from GitHub and building locally. Okay so the builder’s finished and we can see now that the… …”external” directory now contains the MQTT C++ source code… …and our “deploy” directory in the “lib” folder… …contains the MQTT C++ Shared Object library. Now we want to check that these libraries are actually working on our PLC. How can we do that? Well, the paho library comes with some
sample applications. One of these samples is called “sync_publish” and if you look at the source code… …we can see that it connects to a server – in this case “localhost” – with a client ID… …and publishes some messages to a topic. So in our case we want to use a web-based broker. I know there’s a broker at “test.mosquitto.org”. We want to give a unique client ID on this public broker… …and we want to publish to a unique topic. So we’ll save that file. But before we build again we need to just update our build script… …so that we tell paho to build the
samples as part of the build. Save that script and we’ll execute it
again. So that build’s finished. And you can see that in the build directory we have our samples built as executables. Now let’s download everything to the PLC. We’ll download directly from our terminal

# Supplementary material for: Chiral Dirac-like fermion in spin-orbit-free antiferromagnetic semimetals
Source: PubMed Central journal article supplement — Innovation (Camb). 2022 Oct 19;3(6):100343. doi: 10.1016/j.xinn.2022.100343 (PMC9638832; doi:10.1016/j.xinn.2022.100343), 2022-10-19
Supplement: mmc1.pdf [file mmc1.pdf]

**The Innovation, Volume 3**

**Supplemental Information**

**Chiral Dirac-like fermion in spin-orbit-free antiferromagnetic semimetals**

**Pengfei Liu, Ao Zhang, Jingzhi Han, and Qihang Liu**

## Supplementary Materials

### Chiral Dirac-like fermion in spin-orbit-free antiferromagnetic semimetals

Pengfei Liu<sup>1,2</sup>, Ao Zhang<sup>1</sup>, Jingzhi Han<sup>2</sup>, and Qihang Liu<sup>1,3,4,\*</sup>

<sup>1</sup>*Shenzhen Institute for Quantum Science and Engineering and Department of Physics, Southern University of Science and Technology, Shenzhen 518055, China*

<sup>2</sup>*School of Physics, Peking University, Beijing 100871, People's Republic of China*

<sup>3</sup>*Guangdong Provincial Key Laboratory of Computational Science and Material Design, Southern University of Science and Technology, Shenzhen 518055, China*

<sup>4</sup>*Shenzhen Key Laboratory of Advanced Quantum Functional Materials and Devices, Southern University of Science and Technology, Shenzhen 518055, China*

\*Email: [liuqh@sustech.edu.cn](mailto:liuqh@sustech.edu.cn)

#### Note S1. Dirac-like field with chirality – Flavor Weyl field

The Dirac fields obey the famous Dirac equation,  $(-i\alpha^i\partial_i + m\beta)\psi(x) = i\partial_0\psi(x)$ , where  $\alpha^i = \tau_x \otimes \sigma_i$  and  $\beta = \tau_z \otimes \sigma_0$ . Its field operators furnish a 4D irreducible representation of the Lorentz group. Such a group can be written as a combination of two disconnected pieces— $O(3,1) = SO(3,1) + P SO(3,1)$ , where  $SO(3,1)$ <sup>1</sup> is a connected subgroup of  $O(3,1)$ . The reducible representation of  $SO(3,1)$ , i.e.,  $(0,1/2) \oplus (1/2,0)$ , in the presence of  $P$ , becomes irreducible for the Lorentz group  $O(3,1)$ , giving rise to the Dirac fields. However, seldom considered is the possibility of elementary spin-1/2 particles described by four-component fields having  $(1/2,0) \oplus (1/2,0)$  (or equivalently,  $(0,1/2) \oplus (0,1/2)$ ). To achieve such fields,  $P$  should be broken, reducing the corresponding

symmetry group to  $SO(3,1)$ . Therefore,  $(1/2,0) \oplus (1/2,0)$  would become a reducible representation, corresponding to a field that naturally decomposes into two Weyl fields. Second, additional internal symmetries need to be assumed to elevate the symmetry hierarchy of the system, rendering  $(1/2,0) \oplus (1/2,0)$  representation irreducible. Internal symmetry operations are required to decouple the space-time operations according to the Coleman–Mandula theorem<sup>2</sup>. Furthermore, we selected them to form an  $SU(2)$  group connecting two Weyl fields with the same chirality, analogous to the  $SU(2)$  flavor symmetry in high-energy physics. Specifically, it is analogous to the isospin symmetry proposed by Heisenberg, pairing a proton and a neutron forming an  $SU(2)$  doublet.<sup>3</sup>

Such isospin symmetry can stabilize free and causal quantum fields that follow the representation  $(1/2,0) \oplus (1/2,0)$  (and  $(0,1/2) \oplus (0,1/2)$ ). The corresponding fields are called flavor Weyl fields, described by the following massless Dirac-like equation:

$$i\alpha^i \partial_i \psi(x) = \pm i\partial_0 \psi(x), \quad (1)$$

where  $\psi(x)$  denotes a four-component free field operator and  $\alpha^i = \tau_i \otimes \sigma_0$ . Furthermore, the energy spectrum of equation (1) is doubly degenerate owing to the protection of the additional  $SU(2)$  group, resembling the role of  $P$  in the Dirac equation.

window in Visual Studio Code. First we’ll download all the paho MQTT Shared Object libraries. We’ll download these to the “/usr/local/lib” directory on the PLC. We’re going to copy the “sync_publish” binary to the PLC… …just into a directory that we’ve created in the “projects” directory just called “paho”. Now we’ll switch to a terminal. We’ll log on to the PLC… …and let’s take a look at the “/usr/local/lib” directory where we copied the Shared Object libraries. There’s all our paho Shared Object libraries. We need to make them executable. Some of these are symbolic links, and the links were broken when we copied them. So we’ll restore those symbolic links now. I’ve just created a script to make that happen. So I’ll just execute that script. And now we can see that those symbolic links have been restored… …and our Shared Object libraries are ready to go. So now let’s take a look at the executable that we downloaded. There it is the “sync_publish” program. So let’s try running that. Okay, so that’s done something.
But what has it done? Well, what we can do to check that is to connect to the same MQTT broker from another terminal… …and just see what messages are being published. I’m using a command line tool from
Mosquitto… …to subscribe to the broker that our PLC is publishing to. And we need to subscribe to the topic on that broker. Now we’re listening. We don’t see anything coming through, we’re just waiting for messages to be published. So we’ll run our program again on the PLC. And then we can see we received three messages on our subscriber. And they’re the three messages that were published by the paho client. So we can see that that all seems will be working: The paho client is working fine on the PLC. The next step is to wrap that paho client in our own component for PLCnext.